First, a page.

Vintage Emerson Electric Ocillating Table Fan Model 6250-f With 4 Brass Blades For Sale
Antique Vintage Emerson Electric Table Fan Model 6250-F with 4 Brass Blades FINE Clean Solid Complete Condition. The metal label reads: Emerson Electric Fan Co. Saint Louis MO Model 6250-F. The cage measures about 12" wide, the base is 6" wide. There are a few minor paint scuffs from normal use (see photos). We plugged it in and it works fine on a brief test. It oscillates and works great with quiet motor. Company History Emerson was founded in 1890 in St. Louis, Missouri, as a manufacturer of electric motors and fans. Over the past 100-plus years, Emerson has grown from a regional manufacturer into a global technology solutions powerhouse.
Two Scotland-born brothers, Charles and Alexander Meston, see a tremendous business opportunity in developing a reliable electric motor. With the financial backing of John Wesley Emerson, a former Union army officer, judge and lawyer, they establish The Emerson Electric Manufacturing Company in St. Louis, Missouri. 1892
The fledgling company builds its business around AC motors and manufactures the first electric fans to be sold in North America. Under new president Herbert L. Parker, Emerson develops a reputation for quality products. Net sales total nearly $60,000. 1897
The Emerson ceiling fan is introduced, making high-rise buildings livable. Ceiling fans soon become half the company’s business. 1899
Emerson introduces the Parker scalloped blade design, moving air more quietly and efficiently. 1903
A design breakthrough upgrades Emerson Motors to a more useful ½ horsepower, which are then used to power countless time and effort-saving devices, such as washing machines and sewing machines. 1904
At the World’s Fair in St. Louis, Emerson displays its product line in the dazzling Palace of Electricity as the nationwide demand for electricity continues to soar. 1919
By the end of World War I, Emerson’s annual sales approach $3 million dollars. 1920
Under the leadership of Thomas Meston, the company expands into a new, eight-story factory building in St. Louis. 1922
Herbert I. Finch becomes president during the ‘Roaring Twenties’ of general prosperity. But by the end of his tenure, the company loses almost two-thirds of sales as the effects of the Great Depression deepen. 1933
Joseph Newman, 35, is named president and sets out to stabilize the company’s balance sheet. He moves the company to mass production of motors and adds a variety of fan lines to appeal to a broad range of consumers. 1938
With fan sales stagnating, Stuart Symington takes over as president and wins a contract to build arc welders, thereby opening the door to sales at Sears. 1939
Emerson begins construction of a new plant in St. Louis to build hermetic motors, but World War II intervenes and the plant is shifted to the production of shell casings. 1940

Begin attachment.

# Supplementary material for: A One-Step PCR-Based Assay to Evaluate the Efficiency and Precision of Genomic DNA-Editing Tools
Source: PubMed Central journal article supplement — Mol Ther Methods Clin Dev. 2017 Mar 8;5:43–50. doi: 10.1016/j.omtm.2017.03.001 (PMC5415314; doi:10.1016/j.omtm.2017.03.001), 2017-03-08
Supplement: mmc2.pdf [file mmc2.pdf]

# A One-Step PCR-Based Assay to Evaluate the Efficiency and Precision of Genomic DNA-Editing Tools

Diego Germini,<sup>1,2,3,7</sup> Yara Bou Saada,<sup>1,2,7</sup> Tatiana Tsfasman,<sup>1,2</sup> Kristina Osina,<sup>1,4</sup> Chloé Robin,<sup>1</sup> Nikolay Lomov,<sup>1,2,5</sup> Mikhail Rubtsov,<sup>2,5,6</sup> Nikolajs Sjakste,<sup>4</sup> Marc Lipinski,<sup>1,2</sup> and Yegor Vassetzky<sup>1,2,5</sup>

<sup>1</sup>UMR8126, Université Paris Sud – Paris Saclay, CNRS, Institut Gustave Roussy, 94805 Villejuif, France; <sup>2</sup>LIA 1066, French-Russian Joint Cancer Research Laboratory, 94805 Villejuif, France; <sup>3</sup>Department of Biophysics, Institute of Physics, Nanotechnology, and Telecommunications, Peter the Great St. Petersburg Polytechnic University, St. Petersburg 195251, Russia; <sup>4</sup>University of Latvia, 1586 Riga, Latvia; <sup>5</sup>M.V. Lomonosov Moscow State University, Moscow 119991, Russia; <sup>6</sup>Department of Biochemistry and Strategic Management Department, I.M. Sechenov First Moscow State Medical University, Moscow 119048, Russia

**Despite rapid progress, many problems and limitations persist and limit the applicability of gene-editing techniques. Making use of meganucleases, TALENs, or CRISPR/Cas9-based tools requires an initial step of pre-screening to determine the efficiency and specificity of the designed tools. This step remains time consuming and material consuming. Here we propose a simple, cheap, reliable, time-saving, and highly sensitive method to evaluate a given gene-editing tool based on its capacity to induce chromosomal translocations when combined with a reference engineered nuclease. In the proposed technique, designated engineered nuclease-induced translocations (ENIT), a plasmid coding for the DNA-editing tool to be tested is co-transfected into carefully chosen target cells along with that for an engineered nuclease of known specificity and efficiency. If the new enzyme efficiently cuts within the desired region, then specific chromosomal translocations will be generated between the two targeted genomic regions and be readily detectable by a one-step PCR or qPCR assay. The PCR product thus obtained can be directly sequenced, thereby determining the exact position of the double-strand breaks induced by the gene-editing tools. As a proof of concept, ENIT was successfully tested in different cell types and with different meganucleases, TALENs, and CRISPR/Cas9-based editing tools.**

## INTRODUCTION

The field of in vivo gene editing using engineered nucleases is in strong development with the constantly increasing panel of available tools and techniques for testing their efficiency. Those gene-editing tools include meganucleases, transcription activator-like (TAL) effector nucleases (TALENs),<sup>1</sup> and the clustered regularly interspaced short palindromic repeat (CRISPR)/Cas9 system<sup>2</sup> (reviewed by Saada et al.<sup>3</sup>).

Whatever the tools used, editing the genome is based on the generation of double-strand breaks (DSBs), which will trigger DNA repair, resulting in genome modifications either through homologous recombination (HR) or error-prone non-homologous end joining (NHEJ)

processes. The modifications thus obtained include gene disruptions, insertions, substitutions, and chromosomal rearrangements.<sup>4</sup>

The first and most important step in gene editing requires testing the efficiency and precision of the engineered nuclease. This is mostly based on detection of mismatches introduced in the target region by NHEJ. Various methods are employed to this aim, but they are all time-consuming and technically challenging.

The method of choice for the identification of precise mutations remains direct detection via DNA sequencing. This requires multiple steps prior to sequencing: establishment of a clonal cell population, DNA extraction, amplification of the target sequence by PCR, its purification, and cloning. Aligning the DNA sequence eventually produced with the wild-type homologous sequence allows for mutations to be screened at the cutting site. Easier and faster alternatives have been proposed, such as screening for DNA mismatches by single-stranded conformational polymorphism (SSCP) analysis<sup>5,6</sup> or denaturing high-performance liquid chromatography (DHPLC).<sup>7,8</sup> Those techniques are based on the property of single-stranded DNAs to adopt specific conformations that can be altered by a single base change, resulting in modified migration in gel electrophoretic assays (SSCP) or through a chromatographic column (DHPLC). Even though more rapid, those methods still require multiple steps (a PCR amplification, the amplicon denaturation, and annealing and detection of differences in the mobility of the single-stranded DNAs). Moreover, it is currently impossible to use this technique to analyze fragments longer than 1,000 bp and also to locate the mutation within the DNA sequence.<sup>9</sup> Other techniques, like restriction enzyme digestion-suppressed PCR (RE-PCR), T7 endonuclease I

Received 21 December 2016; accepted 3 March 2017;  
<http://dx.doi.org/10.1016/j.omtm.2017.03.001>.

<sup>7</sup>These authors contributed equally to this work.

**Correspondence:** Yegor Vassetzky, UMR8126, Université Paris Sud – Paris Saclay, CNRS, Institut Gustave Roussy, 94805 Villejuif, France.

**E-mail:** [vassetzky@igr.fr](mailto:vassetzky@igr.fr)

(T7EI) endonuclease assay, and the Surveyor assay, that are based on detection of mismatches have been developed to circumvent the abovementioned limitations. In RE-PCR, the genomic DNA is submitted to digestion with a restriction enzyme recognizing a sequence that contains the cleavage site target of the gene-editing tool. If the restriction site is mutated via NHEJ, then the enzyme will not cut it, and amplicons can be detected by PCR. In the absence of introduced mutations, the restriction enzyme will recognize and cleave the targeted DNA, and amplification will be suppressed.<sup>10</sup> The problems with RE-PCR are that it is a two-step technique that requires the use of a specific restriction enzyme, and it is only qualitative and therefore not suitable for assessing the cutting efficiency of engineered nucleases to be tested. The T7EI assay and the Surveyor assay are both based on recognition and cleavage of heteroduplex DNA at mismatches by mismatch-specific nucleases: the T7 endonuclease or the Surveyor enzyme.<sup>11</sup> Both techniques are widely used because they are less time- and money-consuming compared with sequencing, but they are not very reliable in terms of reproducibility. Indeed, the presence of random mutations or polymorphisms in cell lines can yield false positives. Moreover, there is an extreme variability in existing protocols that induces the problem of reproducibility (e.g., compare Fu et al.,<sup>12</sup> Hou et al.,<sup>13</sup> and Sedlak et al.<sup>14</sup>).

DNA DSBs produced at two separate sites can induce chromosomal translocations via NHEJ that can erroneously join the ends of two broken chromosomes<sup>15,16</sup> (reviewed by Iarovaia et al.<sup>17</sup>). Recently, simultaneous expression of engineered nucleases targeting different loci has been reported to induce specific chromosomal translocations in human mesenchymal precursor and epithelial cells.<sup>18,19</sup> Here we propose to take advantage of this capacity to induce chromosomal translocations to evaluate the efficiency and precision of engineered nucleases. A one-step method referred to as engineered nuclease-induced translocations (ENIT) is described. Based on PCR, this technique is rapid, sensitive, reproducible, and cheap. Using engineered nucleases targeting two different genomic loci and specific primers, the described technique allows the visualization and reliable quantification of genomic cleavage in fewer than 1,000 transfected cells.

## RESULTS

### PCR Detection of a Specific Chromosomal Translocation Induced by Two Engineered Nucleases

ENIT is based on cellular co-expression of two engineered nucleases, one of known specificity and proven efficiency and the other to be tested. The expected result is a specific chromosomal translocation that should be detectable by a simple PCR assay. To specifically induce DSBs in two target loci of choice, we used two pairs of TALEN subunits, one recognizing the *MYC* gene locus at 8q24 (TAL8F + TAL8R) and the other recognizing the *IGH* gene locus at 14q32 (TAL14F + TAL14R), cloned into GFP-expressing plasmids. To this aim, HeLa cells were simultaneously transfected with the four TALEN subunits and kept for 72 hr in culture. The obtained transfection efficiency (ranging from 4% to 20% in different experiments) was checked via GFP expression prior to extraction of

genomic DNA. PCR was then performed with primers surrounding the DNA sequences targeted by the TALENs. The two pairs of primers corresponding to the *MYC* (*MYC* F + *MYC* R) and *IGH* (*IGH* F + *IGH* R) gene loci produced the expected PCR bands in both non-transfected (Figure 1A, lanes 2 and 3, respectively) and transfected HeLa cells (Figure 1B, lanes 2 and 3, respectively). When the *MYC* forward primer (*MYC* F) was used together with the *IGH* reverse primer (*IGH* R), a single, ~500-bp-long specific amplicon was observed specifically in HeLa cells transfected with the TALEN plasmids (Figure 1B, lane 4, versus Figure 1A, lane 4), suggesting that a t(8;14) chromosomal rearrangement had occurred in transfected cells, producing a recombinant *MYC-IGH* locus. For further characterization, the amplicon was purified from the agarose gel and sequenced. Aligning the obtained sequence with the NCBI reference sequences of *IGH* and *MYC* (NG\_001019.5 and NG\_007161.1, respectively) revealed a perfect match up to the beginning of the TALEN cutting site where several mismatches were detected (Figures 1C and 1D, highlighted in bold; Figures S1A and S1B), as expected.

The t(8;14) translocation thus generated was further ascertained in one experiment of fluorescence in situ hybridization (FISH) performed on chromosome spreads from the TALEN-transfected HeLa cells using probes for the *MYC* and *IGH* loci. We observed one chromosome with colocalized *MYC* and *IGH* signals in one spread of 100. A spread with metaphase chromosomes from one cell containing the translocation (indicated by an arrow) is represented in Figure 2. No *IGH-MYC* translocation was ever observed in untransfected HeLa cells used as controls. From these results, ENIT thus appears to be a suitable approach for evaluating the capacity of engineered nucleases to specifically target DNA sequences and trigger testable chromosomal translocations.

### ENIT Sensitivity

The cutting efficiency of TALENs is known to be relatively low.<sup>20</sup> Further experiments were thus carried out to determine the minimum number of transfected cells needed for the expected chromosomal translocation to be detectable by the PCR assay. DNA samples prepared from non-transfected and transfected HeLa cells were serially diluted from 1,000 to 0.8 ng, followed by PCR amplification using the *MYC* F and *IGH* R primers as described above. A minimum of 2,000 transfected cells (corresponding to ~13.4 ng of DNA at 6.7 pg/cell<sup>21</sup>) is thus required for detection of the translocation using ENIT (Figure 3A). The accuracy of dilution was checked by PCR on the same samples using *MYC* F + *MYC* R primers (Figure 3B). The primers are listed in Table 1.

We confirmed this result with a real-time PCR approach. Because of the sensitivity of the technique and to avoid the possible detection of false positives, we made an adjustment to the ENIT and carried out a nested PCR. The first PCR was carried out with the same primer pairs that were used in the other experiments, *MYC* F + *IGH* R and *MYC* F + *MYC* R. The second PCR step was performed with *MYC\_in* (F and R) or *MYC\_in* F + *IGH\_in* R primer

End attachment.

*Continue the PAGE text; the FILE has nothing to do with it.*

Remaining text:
Emerson’s metal working capabilities are called on by the U.S. Army Ordinance Department. During the next five years, the company produces more than 10 million brass shell casings. Much of Emerson’s dramatic growth in World War II results from government contracts to build airplane gun turrets, including the “Model 127” mounted in the nose of the B-24 bomber. 1945
With the end of the war, Symington is asked by President Truman to head the War Surplus Property Board. He accepts and resigns from Emerson. Oscar Schmitt is elected president and leads Emerson back to commercial production. Despite the introduction of the bench saw and more defense business, sales lag and Emerson faces another critical transition point. 1953
Upon the sudden death of Oscar Schmitt, William Snead assumes the presidency of Emerson until new, long-term management can be secured. 1954
W.R. “Buck” Persons is recruited as president. Led by Person’s focus on research and development and creating foreign markets, Emerson is reborn. He retools and decentralizes Emerson’s manufacturing base and begins a continuing process of diversification. Over the next 15 years, Persons targets high-growth markets and diversifies the company’s business portfolio, acquiring 36 companies during his tenure, including White-Rodgers, Therm-O-Disc, U.S. Electrical Motors, Ridge Tool, and InSinkErator. Persons institutes a strong corporate focus on cost reductions, quality improvements and formal planning. Under Person’s leadership, the company grows from 2 plants, 4,000 employees and $56 million in 1954 to become an emerging global company with 82 plants, 31,000 employees and $800 million in sales in 1973. 1973
Charles F. (Chuck) Knight succeeds Persons as CEO and builds on the solid foundation laid by his predecessor. Knight defines a new corporate strategy focused on new product and technology development, acquisitions and joint ventures, and international growth.
Over the next 20 years, Emerson continues to expand through cornerstone acquisitions such as Rosemount (process control instruments) in 1976, Copeland (compressors for air conditioning and refrigeration systems) in 1986, Liebert (uninterruptible power and precision cooling systems) in 1987, and Fisher Controls (process control valves and regulators) in 1992.
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